In 1977, no one at 20th Century FOX expected Star Wars to be the blockbuster it turned out to be. They had another science fiction film that they expected to rake in the dough, Damnation Alley.
The creators of the game series Fallout listed this film as a major influence. There is even an add-on in Fallout: Vegas called Lonesome Road that has a lot of elements that closely match the film.
Based on a well-regarded Roger Zelazny novel and directed by Jack Smight, the film was intended to be a rousing post-apocalyptic action film featuring mutated bugs and a bad ass armored vehicle. It turned out to be a failure at the box office due to special effects that even classic Doctor Who would not have aired.
But the one thing that shines in this horrible film is the cast, especially Jan-Michael Vincent.
The story is about a small group of survivors at a military installation who survived World War 3 and attempt to drive across the desolate wasteland to find more survivors. Hopefully their specially built vehicle will protect them from the freakish weather, mutated plant/animal life, and other dangers along the way.
Here is a look at the film’s trailer…
George Peppard playing Major Denton and Jan-Michael Vincent as Tanner are two soldiers living in an underground bunker somewhere in the southwestern U.S. when the Russians launch nuclear missiles that decimate the country. They decide to make their way across the country to the only part of the U.S. that is still inhabitable. Unfortunately, the only way to get there is a narrow strip of not-quite lethal wasteland, dubbed by the leader of the expedition as “Damnation Alley”. As the name suggests, it’s no picnic. They set out in a pair of “LandMaster” armored vehicles, encountering various dangers and other survivors as they travel east.
They are joined by Paul Winfield (Captain Terrell in Star Trek II: The Wrath of Khan) as artistic Keegan, Dominique Sandra as Janice, and Jackie Earl Haley (Rorschach in Watchmen) who plays Billy, a young boy they find on the trip.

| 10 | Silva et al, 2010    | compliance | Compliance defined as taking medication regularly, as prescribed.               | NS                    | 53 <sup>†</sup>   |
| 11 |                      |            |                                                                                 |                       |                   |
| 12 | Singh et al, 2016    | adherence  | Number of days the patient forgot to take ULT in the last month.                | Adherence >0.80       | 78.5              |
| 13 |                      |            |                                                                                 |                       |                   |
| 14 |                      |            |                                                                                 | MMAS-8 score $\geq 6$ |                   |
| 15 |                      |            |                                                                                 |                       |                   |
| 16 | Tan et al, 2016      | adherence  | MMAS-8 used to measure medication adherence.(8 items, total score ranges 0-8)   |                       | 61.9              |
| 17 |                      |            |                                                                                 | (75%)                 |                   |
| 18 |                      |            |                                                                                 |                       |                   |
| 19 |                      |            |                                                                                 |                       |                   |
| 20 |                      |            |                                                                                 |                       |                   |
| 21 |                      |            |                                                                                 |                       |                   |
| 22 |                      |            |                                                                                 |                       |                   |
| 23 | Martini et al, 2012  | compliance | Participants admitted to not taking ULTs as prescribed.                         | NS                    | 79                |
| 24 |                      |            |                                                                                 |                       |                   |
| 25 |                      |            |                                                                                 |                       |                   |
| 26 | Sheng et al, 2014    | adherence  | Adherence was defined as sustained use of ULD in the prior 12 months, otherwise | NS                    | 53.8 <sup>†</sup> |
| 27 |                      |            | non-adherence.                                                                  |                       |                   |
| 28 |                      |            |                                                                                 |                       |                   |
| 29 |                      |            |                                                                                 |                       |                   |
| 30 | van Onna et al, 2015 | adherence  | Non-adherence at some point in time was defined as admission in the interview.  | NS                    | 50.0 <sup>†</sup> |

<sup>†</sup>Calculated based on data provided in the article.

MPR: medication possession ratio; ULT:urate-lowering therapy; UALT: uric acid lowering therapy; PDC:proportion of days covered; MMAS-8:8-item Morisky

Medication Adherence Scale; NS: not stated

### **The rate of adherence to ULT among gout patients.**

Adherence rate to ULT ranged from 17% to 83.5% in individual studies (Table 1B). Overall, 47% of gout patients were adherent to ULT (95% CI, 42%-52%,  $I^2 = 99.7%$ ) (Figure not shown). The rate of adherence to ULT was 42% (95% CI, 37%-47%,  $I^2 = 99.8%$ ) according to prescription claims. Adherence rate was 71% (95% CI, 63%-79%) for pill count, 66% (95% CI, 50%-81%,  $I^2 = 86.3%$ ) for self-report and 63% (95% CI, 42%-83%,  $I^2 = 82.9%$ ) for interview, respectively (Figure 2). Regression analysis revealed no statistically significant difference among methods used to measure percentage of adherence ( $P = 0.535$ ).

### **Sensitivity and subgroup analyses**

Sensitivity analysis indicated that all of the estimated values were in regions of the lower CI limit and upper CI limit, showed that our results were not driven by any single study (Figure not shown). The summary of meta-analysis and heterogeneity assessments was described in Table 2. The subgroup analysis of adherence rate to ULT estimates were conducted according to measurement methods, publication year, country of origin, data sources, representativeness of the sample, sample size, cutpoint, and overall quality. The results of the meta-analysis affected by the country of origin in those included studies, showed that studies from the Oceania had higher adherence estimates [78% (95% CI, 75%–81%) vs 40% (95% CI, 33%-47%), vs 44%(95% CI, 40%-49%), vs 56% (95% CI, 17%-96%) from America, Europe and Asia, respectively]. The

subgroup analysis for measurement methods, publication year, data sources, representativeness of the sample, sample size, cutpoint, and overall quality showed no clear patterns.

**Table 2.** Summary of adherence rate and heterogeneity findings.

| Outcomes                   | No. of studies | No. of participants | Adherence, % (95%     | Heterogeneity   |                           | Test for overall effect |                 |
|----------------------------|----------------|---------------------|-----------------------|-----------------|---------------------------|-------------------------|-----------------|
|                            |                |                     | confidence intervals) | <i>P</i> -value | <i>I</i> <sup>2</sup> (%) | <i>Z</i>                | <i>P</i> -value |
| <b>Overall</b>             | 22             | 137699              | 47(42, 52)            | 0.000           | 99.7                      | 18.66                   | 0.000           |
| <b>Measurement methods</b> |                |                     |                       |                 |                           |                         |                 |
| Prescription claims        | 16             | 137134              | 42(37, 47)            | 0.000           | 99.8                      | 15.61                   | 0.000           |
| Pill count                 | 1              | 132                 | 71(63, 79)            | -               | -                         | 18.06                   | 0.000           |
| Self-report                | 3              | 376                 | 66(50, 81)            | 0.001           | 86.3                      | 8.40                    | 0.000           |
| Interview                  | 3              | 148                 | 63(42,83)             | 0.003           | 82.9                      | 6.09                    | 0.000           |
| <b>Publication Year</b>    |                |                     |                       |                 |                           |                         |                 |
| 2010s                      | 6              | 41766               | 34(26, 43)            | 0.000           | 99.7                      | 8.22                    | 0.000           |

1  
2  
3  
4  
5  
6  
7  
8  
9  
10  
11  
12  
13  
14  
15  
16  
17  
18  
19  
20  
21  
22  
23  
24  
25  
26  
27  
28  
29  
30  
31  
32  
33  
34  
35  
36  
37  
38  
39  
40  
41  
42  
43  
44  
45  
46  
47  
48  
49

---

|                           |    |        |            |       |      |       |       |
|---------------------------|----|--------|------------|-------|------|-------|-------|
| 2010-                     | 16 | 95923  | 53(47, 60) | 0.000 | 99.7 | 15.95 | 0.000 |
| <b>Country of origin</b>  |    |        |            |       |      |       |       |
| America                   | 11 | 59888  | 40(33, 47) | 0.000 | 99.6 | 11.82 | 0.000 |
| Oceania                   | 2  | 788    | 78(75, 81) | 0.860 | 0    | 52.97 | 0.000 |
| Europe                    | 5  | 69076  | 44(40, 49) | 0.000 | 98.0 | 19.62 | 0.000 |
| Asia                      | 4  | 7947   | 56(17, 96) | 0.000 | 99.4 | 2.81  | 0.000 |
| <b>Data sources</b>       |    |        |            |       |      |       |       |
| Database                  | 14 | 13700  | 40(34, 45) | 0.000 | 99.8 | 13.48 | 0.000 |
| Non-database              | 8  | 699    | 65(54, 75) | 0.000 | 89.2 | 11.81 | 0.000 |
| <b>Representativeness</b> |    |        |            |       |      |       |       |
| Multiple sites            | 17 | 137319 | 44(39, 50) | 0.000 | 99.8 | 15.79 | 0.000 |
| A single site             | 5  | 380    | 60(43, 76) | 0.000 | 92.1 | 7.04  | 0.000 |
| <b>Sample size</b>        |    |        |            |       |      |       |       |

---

The film starts with a very realistic depiction of a missile silo during the Russian attack. The high level of security and technology set a high bar that once the bombs have fallen the film never reaches again. Granted, the bulk of the effects were added after Star Wars was released since the studio thought it needed more punch to compete. Unfortunately, since the director and production staff had no idea those effects would be added, they did not film in a way that conducive to the additions.
This results in large sections of the film that are obviously green screen effects that take away any chance of the audience suspending their disbelief. The first use of green screen involved adding giant scorpions that are obviously shot with a macro lens that doesn’t match the shots of the desert setting.
There is a great joke in that first bit though, Tanner is riding a motorcycle through the desert and kicks a “woman” off so he can escape those scorpions. The woman turns out to be a mannequin that he was bringing back so Keegan had something new to draw.
This film was years before Peppard took the role that made him a household name, Hannibal on The A-Team. While he does turn in a great performance, it is Vincent’s Tanner that is the center of this film.
While Vincent would go on to star in his own 80s action TV series (Airwolf as Stringfellow Hawk) Tanner is a prototypical version of the same headstrong and witty style of character.
Vincent was considered for a time to be Hollywood’s golden boy. His dashing good looks, easy charm, and acting chops found him work with the likes of Burt Reynolds, Rock Hudson, Charles Bronson, and John Wayne.
Like a lot of actors, he would eventually succumb to vices like drugs and alcohol.
In this film, he is full of energy and charm. It is obvious that he enjoyed making the film as he spent most of it on the motorcycle. He gets to do some great action when they first find Billy and have to chase him to convince him they aren’t going to hurt him.
He bonds with Billy who wants to learn how to ride the motorcycle and gets a chance to drive the LandMaster with Tanner’s guidance. They end up facing off with some men that have been irradiated by the fallout who want to take the LandMaster and rape Janice.
When they reach a wrecker yard near Detroit the effects return to center stage as a storm that looks like something out of Ralph Bakshi animated film (which is ironic because this film was often put on a double bill with Bakshi’s Wizards) sees Tanner go off in search of Billy who went wandering the yard. They make it back to the vehicle just as a massive flood (done poorly) washes over Detroit and submerges them.
When they surface it seems that the earth has shifted on its axis to its proper place. The sky looks normal and bucolic orchestral music accompanies them to shore.
This film gives a clear indication of the skills and likability of Jan-Michael Vincent in a lead role that would serve him well on Airwolf just a few years later.
Even though this film is largely forgotten and Vincent’s career and life went off the rails in later years, his performance here is as strong as any other action star of the 70s.
As a final note, the book is VERY different and can be found on Amazon (click the cover).
Any other bad movies that had great acting you can think of? Let us know in the comments below.